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Election 2024 – What the parties are saying on key planning and development issues

As the 2024 UK General Election approaches, PWA Planning’s Matthew Wyatt, has taken a closer look at the manifestos of the main political parties and how their policies and aspirations are likely to affect the planning and development industry in England.

Housing delivery targets and development locations

The Conservatives have a stated target of building 1.6 million homes over five years, which works out at 320,000 homes per year. They say they will protect the Green Belt from what they call “uncontrolled development”. Instead, they’re focusing on inner cities, promising a record number of homes on brownfield sites in the 20 largest cities through a new fast-track planning route.

Labour has set a target of 1.5 million homes over five years, or 300,000 per year. They plan to restore mandatory housing targets for local authorities and adopt a brownfield-first approach, while also strategically using lower quality ‘grey belt’ sites for housing. They envision a new generation of towns as part of large-scale new communities.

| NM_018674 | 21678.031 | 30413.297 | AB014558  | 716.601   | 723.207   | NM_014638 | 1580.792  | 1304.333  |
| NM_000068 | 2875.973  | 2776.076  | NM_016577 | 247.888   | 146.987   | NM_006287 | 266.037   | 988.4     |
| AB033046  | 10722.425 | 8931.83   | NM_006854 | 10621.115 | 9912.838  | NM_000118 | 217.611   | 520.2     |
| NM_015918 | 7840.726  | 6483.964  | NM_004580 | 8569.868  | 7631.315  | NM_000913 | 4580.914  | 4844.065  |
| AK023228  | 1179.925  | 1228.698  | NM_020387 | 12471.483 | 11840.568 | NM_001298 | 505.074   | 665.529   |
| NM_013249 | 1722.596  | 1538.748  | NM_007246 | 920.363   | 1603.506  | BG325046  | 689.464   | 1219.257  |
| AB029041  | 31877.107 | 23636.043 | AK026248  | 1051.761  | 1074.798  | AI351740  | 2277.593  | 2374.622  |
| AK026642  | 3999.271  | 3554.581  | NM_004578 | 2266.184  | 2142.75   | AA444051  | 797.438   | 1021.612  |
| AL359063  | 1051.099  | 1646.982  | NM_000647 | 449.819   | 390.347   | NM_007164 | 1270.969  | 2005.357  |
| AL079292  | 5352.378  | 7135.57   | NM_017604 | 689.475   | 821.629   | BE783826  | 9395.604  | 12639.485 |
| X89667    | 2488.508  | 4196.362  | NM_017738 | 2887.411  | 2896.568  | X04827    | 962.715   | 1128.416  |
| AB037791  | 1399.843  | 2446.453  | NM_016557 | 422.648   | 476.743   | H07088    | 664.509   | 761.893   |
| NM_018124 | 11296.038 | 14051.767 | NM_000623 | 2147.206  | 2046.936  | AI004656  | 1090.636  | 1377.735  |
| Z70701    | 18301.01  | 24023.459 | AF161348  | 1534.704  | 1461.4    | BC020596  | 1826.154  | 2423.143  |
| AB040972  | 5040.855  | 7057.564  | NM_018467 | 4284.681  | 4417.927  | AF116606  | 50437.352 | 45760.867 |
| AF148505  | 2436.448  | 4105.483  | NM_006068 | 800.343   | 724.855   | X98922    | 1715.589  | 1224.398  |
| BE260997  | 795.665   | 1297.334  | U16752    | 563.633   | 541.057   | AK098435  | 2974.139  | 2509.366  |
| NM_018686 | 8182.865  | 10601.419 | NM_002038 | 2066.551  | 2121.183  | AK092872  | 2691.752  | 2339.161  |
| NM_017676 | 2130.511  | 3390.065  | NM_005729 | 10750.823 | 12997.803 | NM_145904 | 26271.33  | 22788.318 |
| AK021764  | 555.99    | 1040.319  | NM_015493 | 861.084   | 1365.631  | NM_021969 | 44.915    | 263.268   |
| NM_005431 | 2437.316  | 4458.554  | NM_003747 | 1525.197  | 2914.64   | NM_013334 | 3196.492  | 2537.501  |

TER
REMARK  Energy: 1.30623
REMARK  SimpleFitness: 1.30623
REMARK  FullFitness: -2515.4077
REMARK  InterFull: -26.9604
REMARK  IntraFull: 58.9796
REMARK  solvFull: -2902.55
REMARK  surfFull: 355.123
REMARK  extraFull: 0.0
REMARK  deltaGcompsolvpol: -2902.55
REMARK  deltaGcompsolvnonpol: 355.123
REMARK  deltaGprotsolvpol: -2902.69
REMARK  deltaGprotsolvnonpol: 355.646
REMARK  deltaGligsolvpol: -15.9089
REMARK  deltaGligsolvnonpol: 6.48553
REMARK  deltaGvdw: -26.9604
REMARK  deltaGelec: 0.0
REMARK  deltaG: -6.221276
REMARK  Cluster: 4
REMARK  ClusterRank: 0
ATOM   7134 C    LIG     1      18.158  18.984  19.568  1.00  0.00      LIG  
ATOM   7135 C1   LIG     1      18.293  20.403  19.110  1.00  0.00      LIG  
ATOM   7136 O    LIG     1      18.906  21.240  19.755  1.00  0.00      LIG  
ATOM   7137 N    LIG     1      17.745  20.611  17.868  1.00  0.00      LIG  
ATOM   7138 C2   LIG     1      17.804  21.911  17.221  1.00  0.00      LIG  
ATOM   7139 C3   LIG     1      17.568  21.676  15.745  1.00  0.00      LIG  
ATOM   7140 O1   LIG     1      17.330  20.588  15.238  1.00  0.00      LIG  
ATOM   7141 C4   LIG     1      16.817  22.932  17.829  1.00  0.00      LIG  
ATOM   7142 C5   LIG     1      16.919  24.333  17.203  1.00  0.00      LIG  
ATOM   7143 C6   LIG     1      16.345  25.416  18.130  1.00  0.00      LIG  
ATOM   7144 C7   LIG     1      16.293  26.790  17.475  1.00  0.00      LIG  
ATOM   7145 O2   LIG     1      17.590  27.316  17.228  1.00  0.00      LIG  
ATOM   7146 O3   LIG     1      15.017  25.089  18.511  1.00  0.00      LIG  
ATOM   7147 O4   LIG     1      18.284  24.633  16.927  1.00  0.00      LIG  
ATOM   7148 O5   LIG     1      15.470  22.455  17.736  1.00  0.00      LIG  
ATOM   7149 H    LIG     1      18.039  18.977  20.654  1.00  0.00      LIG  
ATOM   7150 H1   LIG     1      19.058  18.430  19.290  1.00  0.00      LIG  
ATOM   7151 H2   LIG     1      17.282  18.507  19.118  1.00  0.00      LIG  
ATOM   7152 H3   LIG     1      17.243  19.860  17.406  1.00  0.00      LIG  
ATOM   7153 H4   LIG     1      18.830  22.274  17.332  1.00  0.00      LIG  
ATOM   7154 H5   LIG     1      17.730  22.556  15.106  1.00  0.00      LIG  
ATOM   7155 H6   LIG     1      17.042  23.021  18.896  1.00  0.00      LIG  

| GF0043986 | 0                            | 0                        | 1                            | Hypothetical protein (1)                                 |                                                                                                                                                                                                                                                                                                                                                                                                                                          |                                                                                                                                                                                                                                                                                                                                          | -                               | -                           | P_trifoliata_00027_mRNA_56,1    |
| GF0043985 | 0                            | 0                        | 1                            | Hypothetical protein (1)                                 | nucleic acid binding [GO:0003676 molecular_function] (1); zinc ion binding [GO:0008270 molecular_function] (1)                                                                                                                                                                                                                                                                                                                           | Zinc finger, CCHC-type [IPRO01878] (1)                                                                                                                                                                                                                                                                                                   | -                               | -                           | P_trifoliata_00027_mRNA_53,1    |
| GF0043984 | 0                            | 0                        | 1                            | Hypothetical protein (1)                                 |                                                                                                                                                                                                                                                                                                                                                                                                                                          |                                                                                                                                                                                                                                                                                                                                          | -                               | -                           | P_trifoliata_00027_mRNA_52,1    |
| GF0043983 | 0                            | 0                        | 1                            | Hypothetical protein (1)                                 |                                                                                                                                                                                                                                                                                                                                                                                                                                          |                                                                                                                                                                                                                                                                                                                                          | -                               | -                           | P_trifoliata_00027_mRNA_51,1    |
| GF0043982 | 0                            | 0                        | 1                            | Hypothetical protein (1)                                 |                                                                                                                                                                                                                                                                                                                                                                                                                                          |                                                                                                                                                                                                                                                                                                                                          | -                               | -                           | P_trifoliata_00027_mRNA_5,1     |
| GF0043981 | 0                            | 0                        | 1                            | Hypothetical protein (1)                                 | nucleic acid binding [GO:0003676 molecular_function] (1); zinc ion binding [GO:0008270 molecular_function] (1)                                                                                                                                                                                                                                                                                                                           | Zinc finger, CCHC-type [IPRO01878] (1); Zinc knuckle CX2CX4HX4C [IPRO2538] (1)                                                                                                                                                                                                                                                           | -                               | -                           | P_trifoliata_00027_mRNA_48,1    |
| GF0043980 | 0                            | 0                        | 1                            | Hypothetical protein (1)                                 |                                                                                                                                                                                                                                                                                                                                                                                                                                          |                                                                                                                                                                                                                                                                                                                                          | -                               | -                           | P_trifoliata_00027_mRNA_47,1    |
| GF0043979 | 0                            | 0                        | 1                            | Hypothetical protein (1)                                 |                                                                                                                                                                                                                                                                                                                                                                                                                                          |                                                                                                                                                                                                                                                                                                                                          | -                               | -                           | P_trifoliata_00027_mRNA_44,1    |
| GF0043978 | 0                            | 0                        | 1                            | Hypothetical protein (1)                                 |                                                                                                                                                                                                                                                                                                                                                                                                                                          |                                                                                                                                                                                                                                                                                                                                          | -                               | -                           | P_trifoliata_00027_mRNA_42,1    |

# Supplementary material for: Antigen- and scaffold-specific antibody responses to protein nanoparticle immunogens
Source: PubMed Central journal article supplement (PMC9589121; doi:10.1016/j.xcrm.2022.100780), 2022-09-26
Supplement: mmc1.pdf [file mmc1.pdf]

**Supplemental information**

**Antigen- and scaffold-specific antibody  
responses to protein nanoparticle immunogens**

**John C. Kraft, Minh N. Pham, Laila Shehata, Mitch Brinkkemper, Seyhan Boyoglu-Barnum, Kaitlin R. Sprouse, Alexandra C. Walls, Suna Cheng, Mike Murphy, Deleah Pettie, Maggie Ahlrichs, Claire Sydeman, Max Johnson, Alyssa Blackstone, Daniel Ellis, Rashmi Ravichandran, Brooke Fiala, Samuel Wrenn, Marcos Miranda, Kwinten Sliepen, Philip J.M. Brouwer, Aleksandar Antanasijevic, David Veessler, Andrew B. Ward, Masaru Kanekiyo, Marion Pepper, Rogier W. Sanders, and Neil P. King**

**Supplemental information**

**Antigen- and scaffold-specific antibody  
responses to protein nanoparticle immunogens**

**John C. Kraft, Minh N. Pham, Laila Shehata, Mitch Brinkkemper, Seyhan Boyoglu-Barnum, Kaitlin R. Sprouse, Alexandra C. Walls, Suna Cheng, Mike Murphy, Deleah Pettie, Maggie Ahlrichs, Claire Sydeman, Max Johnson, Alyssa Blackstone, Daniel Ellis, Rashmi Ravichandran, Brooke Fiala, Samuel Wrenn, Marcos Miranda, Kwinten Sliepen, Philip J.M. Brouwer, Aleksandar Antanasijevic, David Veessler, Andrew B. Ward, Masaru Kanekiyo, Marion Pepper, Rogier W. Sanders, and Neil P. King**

The Liberal Democrats have the largest stated new housing target with an aspiration to build 1.9 million homes over the parliament, or 380,000 per year. They plan to create ten new garden cities and boost community-led developments, allowing councils to buy land at current use value. Financial incentives will be provided to promote the reuse of brownfield sites.

The Green Party hasn’t set a specific housing target but says it will focus on empowering local authorities to make planning decisions. They oppose new nuclear power stations and instead want massive investment in renewable energy.

Reform UK doesn’t commit to a specific housing target but says it wants to unleash housebuilding across the country, focusing on brownfield sites and coastal regeneration areas.

National infrastructure and strategic planning

Labour wants combined and mayoral authorities to plan strategically for housing growth. They’re proposing a ten-year infrastructure strategy, supported by a new National Infrastructure and Service Transformation Authority to set strategic infrastructure priorities.

The Liberal Democrats broadly commit to making Britain a leader in new infrastructure technologies to tackle climate change, though the manifesto lacks specific planning commitments.

The Green Party manifesto says the party aims to decarbonise the energy system by 2030, increasing wind power and other renewable sources.

Reform UK pledges to scrap HS2 and focus on improving transport infrastructure in key regions.